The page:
Household Safety Statistics
The home is generally thought to be a place of safety and security, but many homes are filled with potentially dangerous substances and products that can harm occupants, especially children and pets. Many times, consumers are unaware of household dangers until an injury or death occurs, and they may be unaware of household product recalls until it is too late.
According to the U.S. Consumer Product Safety Commission (CPSC), household consumer products injure an estimated 33.1 million Americans every year, as a result of both accidents and manufacturing errors.
Common Hazards in the Home
The top five household hazards identified by the CPSC include magnets, recalled products, furniture tip-overs, windows and window coverings, and pool and spa drains. To keep homes safe, the CPSC recommends the following safety tips:
- Keep loose magnets, magnetic pieces, and other small objects away from children
- Stay informed about product recalls
- Check that furniture (TVs, bookcases, desks, chests, etc.) is stable or anchored to a wall
- Don’t rely on window screens to prevent falls from windows
- Use cordless window blinds or keep cords permanently out of the reach of children
- Inspect pools and spas for entrapment hazards and use drain covers
Other Household Hazards
Small, portable appliances and large, stationary appliances can pose risks to consumers and are often recalled by manufacturers for faulty wiring or shock hazards. Countertop appliances should always be unplugged when not in use to avoid overheating, as fires and electrical shocks have been reported from faulty wiring in appliances such as toasters, microwaves, and mixers. Larger appliances such as refrigerators or ranges are often recalled for wiring problems. Heating appliances such as space heaters should never be left unattended or used while sleeping. Rechargeable batteries can sometimes overheat in laptop computers or other rechargeable items.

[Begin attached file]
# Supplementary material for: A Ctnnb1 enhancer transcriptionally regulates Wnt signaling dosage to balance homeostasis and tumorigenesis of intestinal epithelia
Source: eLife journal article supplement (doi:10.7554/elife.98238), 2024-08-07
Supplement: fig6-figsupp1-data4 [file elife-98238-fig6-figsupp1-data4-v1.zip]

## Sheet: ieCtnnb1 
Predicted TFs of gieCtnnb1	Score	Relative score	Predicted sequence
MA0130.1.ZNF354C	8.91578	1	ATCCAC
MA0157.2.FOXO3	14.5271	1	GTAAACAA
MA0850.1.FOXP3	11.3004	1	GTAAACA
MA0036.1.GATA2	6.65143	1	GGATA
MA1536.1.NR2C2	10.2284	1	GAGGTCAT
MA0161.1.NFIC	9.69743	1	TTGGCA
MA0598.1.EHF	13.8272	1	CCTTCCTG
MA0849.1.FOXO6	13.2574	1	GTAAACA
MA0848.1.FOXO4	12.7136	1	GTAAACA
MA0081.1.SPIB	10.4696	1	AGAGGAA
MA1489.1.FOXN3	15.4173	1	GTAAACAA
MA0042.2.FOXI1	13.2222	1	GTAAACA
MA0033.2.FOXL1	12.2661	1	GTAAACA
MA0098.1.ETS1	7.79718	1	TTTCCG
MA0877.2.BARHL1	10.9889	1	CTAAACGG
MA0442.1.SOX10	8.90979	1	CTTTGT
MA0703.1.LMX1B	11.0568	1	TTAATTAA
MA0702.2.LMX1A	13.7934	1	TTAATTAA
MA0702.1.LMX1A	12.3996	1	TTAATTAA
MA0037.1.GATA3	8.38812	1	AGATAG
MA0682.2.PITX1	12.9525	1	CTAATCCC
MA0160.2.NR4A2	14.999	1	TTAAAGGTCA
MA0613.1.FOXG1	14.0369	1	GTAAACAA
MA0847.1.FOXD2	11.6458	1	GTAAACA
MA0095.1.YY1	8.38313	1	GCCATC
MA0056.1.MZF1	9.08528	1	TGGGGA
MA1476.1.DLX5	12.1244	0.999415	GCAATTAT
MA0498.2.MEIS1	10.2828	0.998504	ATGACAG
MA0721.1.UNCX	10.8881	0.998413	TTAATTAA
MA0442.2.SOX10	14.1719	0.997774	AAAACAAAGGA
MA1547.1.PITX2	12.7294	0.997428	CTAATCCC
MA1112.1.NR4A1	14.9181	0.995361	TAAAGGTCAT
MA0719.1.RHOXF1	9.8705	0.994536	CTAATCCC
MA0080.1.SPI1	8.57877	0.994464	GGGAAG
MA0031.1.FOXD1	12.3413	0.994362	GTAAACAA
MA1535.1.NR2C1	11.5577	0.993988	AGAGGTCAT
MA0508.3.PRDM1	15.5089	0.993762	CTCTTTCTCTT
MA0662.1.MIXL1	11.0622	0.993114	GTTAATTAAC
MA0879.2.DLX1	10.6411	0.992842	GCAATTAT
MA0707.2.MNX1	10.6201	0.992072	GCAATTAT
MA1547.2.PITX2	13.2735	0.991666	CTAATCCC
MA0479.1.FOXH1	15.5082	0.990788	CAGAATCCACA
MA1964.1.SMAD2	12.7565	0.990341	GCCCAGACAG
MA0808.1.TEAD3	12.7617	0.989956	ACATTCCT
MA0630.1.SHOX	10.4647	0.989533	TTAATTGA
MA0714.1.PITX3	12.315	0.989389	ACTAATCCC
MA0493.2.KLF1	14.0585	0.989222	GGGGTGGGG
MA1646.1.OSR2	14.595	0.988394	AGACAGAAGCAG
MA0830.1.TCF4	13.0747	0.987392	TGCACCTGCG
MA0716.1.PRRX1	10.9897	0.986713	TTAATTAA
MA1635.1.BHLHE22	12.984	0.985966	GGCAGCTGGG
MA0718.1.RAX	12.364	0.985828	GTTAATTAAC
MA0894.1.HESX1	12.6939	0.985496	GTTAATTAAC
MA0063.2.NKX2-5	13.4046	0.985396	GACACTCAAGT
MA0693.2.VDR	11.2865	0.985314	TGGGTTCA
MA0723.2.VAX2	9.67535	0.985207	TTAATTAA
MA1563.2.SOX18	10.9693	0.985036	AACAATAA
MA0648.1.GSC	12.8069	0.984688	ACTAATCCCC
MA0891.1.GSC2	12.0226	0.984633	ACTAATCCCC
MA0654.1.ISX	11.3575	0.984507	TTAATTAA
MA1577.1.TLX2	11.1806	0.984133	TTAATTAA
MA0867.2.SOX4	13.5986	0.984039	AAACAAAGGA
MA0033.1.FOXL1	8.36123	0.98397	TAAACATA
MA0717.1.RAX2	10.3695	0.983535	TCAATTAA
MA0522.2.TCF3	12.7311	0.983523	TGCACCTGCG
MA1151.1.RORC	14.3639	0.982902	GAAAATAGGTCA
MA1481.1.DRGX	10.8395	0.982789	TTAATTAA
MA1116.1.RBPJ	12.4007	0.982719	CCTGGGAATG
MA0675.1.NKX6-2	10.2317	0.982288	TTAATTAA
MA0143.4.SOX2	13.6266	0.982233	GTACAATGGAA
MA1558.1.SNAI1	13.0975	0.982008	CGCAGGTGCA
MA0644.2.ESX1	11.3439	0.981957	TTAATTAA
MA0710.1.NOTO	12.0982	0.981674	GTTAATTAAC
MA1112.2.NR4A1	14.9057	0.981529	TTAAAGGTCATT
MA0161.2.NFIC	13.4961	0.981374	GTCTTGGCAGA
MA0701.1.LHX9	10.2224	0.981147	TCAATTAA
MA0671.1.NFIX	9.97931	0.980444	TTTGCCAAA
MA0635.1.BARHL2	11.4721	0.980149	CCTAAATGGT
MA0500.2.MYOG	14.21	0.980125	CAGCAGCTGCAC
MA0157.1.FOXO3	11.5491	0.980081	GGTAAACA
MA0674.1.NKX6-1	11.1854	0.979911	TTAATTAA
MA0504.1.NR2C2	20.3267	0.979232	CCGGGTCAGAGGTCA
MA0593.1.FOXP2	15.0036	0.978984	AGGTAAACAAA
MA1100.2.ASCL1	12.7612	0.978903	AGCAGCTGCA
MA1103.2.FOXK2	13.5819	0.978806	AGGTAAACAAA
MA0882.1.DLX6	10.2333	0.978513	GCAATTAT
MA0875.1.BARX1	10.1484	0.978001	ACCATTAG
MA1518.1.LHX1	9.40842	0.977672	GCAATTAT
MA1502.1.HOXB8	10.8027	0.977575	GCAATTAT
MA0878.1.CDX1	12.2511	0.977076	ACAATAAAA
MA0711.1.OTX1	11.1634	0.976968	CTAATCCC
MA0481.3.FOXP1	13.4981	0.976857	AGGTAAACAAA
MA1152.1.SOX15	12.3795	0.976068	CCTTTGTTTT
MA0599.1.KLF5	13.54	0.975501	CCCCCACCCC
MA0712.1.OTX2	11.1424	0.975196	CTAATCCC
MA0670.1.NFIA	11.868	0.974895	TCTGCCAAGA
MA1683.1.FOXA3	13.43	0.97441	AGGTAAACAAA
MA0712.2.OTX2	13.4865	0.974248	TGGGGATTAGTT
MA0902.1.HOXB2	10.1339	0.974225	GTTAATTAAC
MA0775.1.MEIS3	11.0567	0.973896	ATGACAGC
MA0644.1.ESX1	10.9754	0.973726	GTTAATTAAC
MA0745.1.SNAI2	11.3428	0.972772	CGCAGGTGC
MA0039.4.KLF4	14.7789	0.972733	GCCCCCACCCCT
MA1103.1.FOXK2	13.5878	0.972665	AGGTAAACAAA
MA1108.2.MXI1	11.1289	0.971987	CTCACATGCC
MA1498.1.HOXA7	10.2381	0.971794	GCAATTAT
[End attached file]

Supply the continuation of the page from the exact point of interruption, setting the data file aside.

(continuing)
Caution should be used to keep potentially harmful items out of the reach of children. All prescription medications, over-the-counter medications, vitamins, herbs, cosmetics, and cleaning agents should be kept out of sight and reach, and child-proof or child-resistant packaging should be chosen if possible. Keep all chemicals and products in their original packaging to ensure accurate identification of items. The Poison Prevention Packaging Act requires that child-resistant packaging be used on all medications, unless the product label includes a notice that the product is intended for homes without children.
Cribs and bunk beds can pose falling hazards and suffocation dangers, especially to young children. Cribs are often recalled for not meeting federal requirements for crib safety, especially in cribs with drop sides, unsafe slat widths, gaps around the mattress, or improper construction materials. Fall injuries and entrapment can occur if unsafe cribs or bunk beds are used. Other hazards in the bedroom include mattresses that do not meet CPSC flammability standards, and electric blankets that can pose a fire hazard.